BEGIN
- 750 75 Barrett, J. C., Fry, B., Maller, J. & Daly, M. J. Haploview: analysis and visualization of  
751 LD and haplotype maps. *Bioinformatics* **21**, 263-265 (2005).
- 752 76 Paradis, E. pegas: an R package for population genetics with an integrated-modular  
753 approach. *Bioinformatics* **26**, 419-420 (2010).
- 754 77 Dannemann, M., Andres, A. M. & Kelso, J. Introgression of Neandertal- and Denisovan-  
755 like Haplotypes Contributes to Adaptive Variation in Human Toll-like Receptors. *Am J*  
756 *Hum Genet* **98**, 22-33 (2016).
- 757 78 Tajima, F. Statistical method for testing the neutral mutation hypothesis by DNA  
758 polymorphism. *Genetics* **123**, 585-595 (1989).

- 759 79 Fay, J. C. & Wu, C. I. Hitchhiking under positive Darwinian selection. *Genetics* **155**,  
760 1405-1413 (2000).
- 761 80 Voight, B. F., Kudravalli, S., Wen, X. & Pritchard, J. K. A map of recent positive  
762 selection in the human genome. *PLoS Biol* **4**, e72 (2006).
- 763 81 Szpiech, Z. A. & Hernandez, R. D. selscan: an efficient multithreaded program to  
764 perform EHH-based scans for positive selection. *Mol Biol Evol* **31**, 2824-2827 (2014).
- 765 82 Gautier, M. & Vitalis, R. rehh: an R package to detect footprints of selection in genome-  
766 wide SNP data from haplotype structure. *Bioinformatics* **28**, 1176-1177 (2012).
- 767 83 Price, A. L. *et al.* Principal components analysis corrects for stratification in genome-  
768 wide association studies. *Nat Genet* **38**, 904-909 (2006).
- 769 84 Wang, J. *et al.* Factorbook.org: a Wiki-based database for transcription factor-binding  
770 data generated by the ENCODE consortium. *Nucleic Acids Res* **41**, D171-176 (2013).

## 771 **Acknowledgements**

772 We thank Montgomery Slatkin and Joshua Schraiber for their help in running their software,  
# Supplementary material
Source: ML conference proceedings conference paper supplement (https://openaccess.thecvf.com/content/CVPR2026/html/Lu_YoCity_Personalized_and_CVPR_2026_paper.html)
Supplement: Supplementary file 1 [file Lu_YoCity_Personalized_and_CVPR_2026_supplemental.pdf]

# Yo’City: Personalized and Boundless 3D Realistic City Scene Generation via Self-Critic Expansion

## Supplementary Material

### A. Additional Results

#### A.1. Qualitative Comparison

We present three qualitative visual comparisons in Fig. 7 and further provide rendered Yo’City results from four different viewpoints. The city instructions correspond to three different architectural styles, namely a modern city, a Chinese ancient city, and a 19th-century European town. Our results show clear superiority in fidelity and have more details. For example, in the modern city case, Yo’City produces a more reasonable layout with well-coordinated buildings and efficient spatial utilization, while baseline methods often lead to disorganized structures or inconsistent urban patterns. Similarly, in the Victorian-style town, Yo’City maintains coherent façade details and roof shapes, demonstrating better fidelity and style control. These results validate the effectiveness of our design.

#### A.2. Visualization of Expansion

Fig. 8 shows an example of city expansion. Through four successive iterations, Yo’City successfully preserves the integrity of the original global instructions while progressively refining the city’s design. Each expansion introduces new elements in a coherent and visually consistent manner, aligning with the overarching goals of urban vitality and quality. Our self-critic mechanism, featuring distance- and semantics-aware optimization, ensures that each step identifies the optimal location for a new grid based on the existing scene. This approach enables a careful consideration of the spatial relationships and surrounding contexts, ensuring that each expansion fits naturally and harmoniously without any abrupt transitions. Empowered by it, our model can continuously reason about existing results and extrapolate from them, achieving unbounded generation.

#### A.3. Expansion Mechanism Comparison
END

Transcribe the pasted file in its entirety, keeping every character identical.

- 750 75 Barrett, J. C., Fry, B., Maller, J. & Daly, M. J. Haploview: analysis and visualization of  
751 LD and haplotype maps. *Bioinformatics* **21**, 263-265 (2005).
- 752 76 Paradis, E. pegas: an R package for population genetics with an integrated-modular  
753 approach. *Bioinformatics* **26**, 419-420 (2010).
- 754 77 Dannemann, M., Andres, A. M. & Kelso, J. Introgression of Neandertal- and Denisovan-  
755 like Haplotypes Contributes to Adaptive Variation in Human Toll-like Receptors. *Am J*  
756 *Hum Genet* **98**, 22-33 (2016).
- 757 78 Tajima, F. Statistical method for testing the neutral mutation hypothesis by DNA  
758 polymorphism. *Genetics* **123**, 585-595 (1989).

- 759 79 Fay, J. C. & Wu, C. I. Hitchhiking under positive Darwinian selection. *Genetics* **155**,  
760 1405-1413 (2000).
- 761 80 Voight, B. F., Kudravalli, S., Wen, X. & Pritchard, J. K. A map of recent positive  
762 selection in the human genome. *PLoS Biol* **4**, e72 (2006).
- 763 81 Szpiech, Z. A. & Hernandez, R. D. selscan: an efficient multithreaded program to  
764 perform EHH-based scans for positive selection. *Mol Biol Evol* **31**, 2824-2827 (2014).
- 765 82 Gautier, M. & Vitalis, R. rehh: an R package to detect footprints of selection in genome-  
766 wide SNP data from haplotype structure. *Bioinformatics* **28**, 1176-1177 (2012).
- 767 83 Price, A. L. *et al.* Principal components analysis corrects for stratification in genome-  
768 wide association studies. *Nat Genet* **38**, 904-909 (2006).
- 769 84 Wang, J. *et al.* Factorbook.org: a Wiki-based database for transcription factor-binding  
770 data generated by the ENCODE consortium. *Nucleic Acids Res* **41**, D171-176 (2013).

## 771 **Acknowledgements**

772 We thank Montgomery Slatkin and Joshua Schraiber for their help in running their software,  
# Supplementary material
Source: ML conference proceedings conference paper supplement (https://openaccess.thecvf.com/content/CVPR2026/html/Lu_YoCity_Personalized_and_CVPR_2026_paper.html)
Supplement: Supplementary file 1 [file Lu_YoCity_Personalized_and_CVPR_2026_supplemental.pdf]

# Yo’City: Personalized and Boundless 3D Realistic City Scene Generation via Self-Critic Expansion

## Supplementary Material

### A. Additional Results

#### A.1. Qualitative Comparison

We present three qualitative visual comparisons in Fig. 7 and further provide rendered Yo’City results from four different viewpoints. The city instructions correspond to three different architectural styles, namely a modern city, a Chinese ancient city, and a 19th-century European town. Our results show clear superiority in fidelity and have more details. For example, in the modern city case, Yo’City produces a more reasonable layout with well-coordinated buildings and efficient spatial utilization, while baseline methods often lead to disorganized structures or inconsistent urban patterns. Similarly, in the Victorian-style town, Yo’City maintains coherent façade details and roof shapes, demonstrating better fidelity and style control. These results validate the effectiveness of our design.

#### A.2. Visualization of Expansion

Fig. 8 shows an example of city expansion. Through four successive iterations, Yo’City successfully preserves the integrity of the original global instructions while progressively refining the city’s design. Each expansion introduces new elements in a coherent and visually consistent manner, aligning with the overarching goals of urban vitality and quality. Our self-critic mechanism, featuring distance- and semantics-aware optimization, ensures that each step identifies the optimal location for a new grid based on the existing scene. This approach enables a careful consideration of the spatial relationships and surrounding contexts, ensuring that each expansion fits naturally and harmoniously without any abrupt transitions. Empowered by it, our model can continuously reason about existing results and extrapolate from them, achieving unbounded generation.

#### A.3. Expansion Mechanism Comparison